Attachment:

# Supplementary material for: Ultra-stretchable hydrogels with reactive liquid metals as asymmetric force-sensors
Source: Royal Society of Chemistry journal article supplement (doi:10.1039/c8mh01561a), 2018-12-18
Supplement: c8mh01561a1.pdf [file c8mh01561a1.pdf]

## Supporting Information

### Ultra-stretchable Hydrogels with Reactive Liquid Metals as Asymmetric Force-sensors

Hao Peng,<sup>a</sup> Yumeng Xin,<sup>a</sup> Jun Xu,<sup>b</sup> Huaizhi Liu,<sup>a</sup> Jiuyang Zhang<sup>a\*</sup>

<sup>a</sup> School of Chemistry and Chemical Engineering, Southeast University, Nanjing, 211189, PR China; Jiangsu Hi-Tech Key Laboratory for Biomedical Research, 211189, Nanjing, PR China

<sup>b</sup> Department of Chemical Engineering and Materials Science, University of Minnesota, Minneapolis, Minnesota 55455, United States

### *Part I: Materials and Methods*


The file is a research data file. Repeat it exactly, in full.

# Supplementary material for: Ultra-stretchable hydrogels with reactive liquid metals as asymmetric force-sensors
Source: Royal Society of Chemistry journal article supplement (doi:10.1039/c8mh01561a), 2018-12-18
Supplement: c8mh01561a1.pdf [file c8mh01561a1.pdf]

## Supporting Information

### Ultra-stretchable Hydrogels with Reactive Liquid Metals as Asymmetric Force-sensors

Hao Peng,<sup>a</sup> Yumeng Xin,<sup>a</sup> Jun Xu,<sup>b</sup> Huaizhi Liu,<sup>a</sup> Jiuyang Zhang<sup>a\*</sup>

<sup>a</sup> School of Chemistry and Chemical Engineering, Southeast University, Nanjing, 211189, PR China; Jiangsu Hi-Tech Key Laboratory for Biomedical Research, 211189, Nanjing, PR China

<sup>b</sup> Department of Chemical Engineering and Materials Science, University of Minnesota, Minneapolis, Minnesota 55455, United States

### *Part I: Materials and Methods*